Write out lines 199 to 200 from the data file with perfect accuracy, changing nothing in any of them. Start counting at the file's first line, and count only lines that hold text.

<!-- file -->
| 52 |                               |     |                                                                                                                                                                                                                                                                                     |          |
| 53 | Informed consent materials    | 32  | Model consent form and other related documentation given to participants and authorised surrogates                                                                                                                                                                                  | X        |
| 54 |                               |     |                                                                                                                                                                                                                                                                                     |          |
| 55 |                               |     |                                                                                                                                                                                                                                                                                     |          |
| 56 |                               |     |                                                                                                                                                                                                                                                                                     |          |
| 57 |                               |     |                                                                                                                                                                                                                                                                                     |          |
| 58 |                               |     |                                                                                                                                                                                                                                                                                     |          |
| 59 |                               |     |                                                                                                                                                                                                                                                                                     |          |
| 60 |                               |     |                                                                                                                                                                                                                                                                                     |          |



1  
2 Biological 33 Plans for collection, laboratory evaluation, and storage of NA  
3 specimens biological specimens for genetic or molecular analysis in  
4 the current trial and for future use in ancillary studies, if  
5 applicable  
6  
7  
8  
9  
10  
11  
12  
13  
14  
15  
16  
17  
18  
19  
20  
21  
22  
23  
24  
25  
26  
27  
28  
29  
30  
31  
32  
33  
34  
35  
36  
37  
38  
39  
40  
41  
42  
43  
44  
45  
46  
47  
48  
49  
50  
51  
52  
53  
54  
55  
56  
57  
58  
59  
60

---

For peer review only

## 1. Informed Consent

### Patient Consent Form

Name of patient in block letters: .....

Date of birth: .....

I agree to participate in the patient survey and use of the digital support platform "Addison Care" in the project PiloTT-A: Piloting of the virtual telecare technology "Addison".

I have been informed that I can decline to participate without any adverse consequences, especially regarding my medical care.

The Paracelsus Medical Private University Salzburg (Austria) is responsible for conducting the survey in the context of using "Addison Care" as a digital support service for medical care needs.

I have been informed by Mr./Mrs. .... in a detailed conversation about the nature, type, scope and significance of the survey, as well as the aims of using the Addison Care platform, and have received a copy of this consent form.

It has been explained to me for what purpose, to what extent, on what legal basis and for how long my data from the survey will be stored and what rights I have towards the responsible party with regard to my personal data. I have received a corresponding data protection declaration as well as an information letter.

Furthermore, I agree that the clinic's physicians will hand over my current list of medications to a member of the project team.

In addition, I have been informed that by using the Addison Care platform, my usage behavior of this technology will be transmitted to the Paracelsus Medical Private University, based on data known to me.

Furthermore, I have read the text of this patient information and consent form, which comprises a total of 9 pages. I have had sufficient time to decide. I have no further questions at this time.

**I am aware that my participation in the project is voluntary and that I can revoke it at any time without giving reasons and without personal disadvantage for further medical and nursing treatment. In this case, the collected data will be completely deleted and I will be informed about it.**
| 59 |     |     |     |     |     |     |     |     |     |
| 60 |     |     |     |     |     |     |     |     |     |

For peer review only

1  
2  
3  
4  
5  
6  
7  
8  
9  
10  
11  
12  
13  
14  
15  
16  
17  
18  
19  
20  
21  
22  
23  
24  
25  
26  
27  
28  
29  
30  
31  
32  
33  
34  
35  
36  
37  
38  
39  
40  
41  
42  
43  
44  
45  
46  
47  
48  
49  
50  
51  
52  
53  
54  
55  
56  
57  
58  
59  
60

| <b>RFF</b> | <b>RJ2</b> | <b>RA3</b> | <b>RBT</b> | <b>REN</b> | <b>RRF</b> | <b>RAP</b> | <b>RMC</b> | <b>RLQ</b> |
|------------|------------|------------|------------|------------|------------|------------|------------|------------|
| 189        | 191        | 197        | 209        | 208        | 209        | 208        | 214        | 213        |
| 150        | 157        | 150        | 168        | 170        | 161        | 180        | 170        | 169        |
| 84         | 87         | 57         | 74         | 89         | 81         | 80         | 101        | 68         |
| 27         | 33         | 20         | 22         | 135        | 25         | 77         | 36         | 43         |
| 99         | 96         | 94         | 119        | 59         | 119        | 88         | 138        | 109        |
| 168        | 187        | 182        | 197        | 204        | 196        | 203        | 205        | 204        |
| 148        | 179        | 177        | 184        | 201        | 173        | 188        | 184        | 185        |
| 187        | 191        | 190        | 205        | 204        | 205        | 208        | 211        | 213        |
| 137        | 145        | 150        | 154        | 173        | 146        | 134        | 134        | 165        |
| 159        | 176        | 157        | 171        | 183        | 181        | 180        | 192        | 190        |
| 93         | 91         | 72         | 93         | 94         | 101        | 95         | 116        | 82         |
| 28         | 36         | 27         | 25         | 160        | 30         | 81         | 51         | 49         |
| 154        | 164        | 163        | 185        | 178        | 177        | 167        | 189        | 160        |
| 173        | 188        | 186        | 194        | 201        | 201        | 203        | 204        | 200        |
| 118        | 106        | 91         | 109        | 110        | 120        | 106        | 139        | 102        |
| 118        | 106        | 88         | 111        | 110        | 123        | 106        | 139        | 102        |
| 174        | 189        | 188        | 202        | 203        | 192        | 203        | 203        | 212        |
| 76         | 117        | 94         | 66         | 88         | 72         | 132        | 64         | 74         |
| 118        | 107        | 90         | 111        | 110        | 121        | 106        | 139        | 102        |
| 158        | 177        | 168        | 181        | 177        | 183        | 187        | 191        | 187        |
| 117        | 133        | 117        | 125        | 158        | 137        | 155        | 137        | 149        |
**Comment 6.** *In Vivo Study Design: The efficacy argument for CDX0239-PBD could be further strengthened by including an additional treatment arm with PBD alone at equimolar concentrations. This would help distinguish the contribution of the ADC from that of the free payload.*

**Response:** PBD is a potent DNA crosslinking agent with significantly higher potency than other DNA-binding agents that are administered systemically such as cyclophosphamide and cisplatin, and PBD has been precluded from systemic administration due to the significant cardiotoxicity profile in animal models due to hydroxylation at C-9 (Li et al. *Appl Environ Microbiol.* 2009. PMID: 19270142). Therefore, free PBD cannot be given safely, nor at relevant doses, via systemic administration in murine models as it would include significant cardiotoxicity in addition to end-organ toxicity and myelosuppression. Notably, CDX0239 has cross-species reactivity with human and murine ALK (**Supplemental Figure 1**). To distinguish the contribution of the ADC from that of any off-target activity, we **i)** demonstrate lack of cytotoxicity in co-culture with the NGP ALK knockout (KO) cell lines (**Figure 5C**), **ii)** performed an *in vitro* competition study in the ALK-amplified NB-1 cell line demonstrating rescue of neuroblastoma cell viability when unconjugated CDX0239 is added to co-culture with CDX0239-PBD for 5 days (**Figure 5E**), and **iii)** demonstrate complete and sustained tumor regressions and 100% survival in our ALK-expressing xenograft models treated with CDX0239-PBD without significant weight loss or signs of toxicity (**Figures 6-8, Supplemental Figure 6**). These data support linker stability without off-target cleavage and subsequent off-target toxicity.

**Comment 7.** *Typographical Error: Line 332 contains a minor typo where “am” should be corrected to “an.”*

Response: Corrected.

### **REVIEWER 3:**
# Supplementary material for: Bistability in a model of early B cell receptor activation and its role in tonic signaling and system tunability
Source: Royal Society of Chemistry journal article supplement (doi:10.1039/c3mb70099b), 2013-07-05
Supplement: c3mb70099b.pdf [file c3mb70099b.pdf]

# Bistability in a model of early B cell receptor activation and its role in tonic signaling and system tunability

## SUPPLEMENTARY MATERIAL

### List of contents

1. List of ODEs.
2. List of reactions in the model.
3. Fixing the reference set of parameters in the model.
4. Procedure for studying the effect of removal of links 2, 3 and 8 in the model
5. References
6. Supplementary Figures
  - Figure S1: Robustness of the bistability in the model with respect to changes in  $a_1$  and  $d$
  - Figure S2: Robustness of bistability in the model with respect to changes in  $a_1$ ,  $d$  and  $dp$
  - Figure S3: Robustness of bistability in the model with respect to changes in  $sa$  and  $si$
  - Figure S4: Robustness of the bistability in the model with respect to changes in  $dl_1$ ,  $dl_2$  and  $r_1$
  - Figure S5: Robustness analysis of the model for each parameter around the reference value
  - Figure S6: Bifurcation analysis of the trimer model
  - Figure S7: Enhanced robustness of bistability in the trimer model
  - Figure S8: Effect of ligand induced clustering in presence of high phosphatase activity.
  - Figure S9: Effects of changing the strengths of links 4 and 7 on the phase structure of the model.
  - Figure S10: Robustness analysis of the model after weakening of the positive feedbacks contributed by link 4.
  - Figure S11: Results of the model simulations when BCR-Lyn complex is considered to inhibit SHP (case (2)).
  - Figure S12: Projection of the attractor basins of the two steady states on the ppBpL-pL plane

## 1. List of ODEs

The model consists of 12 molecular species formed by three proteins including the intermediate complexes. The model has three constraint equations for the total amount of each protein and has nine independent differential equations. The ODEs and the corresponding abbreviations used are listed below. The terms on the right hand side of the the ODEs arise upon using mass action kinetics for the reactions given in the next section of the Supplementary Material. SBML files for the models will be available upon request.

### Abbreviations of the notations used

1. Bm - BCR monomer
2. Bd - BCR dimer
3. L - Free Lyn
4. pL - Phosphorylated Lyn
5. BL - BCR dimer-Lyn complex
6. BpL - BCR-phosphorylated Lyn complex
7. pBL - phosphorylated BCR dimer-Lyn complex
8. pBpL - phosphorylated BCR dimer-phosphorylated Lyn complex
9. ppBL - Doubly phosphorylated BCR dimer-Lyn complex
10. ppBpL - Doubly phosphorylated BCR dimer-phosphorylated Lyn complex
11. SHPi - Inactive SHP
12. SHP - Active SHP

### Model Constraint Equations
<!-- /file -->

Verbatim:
  - Figure S12: Projection of the attractor basins of the two steady states on the ppBpL-pL plane

## 1. List of ODEs